In the first few days, you may find it difficult to believe that your baby is no longer with you and it may seem as if you are in a bad dream. The reality will slowly unfold and you may experience the pain at its worse just when you, and others, think that it should be ‘getting better’.

Parents, especially mothers, easily blame themselves for their baby’s condition and often feel guilty, as if they should have been able to stop the death from happening. You may feel angry with yourself, your loved ones and the health professionals who looked after your baby.

The death of a baby is a devastating experience. The effects of grief can be overwhelming and it can be hard to take in information, to make decisions or to imagine how you are going to cope. Often parents feel overwhelmed and frightened by the intensity of their emotional and physical pain. The grief process will take its course, but if you are concerned, it may be beneficial to seek help.

Talking things through with someone who understands can make you feel less isolated and help you see that your feelings are entirely appropriate. Understanding the grieving process can help to reassure you that what you are feeling is normal. It may be helpful to talk to your GP, social worker, a bereavement counsellor, a red nose counsellor or another professional supporter.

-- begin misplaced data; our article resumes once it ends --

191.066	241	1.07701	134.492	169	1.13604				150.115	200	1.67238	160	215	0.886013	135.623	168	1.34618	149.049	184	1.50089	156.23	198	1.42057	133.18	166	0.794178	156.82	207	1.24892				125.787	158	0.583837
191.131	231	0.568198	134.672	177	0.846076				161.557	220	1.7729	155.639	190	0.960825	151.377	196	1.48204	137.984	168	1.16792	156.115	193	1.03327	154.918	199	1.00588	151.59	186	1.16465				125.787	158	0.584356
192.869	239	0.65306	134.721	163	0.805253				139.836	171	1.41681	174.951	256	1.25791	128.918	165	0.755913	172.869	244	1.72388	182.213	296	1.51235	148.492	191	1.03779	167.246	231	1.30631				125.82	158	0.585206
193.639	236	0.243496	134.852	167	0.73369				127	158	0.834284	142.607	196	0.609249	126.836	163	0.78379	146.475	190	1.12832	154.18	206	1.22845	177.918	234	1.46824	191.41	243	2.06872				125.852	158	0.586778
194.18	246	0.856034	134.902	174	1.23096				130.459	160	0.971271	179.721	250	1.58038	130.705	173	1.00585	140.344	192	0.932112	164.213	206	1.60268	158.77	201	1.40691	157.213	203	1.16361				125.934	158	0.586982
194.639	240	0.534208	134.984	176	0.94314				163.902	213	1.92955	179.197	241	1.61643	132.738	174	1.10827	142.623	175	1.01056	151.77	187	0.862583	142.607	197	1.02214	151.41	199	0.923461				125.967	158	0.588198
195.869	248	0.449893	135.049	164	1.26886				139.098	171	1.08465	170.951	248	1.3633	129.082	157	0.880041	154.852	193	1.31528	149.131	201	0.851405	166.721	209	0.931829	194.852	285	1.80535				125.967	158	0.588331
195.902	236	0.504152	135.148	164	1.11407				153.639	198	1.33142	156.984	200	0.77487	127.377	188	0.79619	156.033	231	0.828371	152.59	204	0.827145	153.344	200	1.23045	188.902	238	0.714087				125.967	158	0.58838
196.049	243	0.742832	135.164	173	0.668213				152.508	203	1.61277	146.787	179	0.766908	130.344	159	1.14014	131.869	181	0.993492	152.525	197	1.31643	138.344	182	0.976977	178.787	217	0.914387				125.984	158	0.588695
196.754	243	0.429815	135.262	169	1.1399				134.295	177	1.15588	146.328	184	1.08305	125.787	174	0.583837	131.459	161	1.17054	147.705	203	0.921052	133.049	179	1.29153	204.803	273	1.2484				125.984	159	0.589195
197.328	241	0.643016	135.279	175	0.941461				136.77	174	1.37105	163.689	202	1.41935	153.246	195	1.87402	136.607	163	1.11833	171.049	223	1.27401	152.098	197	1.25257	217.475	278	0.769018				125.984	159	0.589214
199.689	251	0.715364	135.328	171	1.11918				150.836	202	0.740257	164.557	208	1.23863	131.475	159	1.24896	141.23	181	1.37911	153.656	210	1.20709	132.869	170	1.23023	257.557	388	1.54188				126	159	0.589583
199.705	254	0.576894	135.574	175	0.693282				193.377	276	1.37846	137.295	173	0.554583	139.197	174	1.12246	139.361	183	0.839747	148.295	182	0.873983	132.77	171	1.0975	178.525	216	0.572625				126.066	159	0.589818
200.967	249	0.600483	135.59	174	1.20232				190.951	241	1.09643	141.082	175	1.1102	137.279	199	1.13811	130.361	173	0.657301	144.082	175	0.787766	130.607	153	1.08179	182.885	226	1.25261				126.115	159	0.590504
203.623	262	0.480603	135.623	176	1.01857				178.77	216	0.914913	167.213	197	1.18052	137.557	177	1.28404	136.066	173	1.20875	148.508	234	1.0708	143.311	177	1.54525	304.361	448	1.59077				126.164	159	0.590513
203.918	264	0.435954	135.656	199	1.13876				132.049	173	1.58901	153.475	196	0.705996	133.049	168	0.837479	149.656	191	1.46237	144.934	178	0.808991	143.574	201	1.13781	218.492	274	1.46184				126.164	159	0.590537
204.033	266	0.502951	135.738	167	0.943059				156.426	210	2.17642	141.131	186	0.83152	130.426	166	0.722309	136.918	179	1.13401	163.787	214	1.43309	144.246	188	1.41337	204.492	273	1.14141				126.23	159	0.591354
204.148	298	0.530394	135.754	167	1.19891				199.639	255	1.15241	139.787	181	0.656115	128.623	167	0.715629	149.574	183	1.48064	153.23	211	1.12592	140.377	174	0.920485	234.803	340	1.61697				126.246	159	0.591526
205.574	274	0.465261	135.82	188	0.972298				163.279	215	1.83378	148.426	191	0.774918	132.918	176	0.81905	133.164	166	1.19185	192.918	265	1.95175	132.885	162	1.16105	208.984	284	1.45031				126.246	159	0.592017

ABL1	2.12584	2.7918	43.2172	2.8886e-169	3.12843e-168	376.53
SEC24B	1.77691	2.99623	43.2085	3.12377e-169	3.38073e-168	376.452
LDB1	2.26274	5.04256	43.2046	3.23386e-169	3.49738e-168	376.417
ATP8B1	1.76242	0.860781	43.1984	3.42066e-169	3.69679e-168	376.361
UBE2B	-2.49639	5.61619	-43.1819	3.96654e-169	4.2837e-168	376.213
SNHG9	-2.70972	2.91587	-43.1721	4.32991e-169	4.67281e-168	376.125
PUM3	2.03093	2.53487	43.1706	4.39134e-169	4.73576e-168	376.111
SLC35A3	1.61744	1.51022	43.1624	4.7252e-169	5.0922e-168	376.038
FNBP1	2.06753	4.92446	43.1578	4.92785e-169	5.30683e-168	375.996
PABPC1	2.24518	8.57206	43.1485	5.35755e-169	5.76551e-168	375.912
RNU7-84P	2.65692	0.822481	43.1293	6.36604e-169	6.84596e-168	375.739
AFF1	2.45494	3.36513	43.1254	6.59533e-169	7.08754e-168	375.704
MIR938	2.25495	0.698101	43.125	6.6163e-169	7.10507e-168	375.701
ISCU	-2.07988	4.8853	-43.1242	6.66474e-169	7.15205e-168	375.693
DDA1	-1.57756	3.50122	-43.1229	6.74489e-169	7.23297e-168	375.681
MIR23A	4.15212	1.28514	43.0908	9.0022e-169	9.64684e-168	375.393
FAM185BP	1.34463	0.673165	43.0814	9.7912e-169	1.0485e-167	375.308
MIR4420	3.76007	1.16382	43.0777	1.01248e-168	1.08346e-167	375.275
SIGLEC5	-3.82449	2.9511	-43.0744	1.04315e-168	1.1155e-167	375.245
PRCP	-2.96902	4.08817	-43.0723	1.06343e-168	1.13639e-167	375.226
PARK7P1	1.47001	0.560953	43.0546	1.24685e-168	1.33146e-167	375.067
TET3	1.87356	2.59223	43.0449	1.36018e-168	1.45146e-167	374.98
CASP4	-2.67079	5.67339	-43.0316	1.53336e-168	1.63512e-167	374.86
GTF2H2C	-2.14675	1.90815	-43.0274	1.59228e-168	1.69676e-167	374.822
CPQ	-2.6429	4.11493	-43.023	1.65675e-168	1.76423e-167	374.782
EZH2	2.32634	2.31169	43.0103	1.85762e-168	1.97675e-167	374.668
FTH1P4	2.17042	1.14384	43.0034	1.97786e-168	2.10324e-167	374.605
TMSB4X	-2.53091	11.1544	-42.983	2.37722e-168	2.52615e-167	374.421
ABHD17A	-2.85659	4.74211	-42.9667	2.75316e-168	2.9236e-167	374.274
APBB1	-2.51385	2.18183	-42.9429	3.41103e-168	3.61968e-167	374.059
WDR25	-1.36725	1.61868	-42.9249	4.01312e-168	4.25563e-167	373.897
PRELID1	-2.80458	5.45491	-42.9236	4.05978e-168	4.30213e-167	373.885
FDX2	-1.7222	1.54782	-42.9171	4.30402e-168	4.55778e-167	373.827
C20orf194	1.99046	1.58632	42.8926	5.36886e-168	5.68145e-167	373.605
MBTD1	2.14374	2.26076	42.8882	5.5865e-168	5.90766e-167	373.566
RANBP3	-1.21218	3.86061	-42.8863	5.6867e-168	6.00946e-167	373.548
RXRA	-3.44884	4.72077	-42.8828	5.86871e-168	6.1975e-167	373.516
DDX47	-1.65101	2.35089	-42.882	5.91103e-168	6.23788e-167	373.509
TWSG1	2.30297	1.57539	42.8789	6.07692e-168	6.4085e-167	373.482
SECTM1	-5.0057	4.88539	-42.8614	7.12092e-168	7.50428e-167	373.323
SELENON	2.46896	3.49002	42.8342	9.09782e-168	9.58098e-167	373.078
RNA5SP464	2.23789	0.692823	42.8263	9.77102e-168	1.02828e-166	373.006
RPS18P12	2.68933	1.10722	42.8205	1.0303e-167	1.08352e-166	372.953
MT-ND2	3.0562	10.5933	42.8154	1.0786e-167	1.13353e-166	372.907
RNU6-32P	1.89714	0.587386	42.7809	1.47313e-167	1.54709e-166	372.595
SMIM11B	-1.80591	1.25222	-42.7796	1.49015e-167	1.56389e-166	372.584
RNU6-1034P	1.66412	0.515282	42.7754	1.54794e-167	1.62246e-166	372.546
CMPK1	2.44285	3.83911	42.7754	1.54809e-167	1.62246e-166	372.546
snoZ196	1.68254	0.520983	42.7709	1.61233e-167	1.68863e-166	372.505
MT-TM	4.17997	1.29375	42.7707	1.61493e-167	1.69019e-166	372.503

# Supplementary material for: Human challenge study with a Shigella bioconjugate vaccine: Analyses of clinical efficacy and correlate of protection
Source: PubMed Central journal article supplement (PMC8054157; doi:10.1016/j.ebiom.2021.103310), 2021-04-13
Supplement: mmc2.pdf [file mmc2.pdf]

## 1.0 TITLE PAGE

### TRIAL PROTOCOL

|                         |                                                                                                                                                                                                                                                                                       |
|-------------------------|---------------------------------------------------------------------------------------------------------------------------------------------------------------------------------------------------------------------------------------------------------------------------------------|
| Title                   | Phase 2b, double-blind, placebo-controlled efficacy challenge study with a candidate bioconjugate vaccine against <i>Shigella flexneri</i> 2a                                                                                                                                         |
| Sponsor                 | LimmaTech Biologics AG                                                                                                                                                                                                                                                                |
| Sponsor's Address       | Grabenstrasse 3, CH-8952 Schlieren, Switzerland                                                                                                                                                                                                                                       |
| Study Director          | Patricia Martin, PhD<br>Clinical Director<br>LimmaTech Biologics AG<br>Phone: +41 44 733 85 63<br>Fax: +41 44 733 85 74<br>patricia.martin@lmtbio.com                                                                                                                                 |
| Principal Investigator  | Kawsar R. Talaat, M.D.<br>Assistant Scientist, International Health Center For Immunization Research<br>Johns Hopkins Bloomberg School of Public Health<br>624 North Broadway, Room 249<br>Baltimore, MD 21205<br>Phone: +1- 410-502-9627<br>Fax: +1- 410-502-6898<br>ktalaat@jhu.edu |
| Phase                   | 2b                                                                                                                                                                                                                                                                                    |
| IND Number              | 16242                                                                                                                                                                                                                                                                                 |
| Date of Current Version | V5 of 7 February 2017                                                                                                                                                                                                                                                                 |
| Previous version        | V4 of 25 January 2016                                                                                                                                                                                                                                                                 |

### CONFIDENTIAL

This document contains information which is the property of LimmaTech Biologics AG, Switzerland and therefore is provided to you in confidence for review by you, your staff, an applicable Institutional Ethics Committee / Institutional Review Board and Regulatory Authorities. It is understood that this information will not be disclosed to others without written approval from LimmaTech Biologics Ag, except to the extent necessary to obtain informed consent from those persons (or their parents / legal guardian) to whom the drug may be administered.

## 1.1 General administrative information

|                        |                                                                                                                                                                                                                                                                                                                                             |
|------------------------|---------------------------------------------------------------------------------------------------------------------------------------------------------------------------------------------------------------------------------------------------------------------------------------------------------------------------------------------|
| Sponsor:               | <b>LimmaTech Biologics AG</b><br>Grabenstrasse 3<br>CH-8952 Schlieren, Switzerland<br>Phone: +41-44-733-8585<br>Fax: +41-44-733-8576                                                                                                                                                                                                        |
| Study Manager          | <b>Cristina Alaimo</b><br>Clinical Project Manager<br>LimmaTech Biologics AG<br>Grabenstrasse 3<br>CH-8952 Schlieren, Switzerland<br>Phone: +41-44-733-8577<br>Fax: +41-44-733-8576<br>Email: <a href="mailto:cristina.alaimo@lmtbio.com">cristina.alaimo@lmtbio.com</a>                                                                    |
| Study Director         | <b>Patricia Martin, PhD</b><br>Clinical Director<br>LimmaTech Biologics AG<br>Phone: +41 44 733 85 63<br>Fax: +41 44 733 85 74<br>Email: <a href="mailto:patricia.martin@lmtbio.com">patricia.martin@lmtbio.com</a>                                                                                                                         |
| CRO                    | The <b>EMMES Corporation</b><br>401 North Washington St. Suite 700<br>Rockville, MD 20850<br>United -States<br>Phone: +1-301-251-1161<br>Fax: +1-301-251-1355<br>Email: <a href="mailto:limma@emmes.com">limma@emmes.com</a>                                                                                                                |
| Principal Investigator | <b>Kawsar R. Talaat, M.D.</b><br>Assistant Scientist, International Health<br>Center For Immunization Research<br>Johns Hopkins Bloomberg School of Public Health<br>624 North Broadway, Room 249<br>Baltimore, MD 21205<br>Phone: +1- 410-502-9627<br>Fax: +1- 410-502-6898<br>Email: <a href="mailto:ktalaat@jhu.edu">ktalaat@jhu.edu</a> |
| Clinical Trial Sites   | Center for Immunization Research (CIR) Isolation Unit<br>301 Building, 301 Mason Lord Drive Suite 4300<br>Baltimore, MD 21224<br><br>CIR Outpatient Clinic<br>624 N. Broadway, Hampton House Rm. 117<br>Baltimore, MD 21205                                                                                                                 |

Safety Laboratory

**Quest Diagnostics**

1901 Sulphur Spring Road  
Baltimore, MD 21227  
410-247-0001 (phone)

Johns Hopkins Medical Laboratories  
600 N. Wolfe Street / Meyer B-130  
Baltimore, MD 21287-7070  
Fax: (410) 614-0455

You might also find it helpful to visit the Rednose grief and loss website.


When your baby has died around the time of birth, you may have only a few memories of him or her. You may also have very few keepsakes.

Hospital staff now offer parents opportunities to create memories of their baby and to collect keepsakes that will help them to remember their baby. Although you may feel unsure about doing this, photos and other items can be precious, especially in the years to come. Having keepsakes to share with family members and friends may also help them to understand what the death of your baby means to you.

The staff caring for you will suggest a range of things you could do. Take time to think about what is right for you. If your baby died in the neonatal unit, you may have had time to start doing some of these.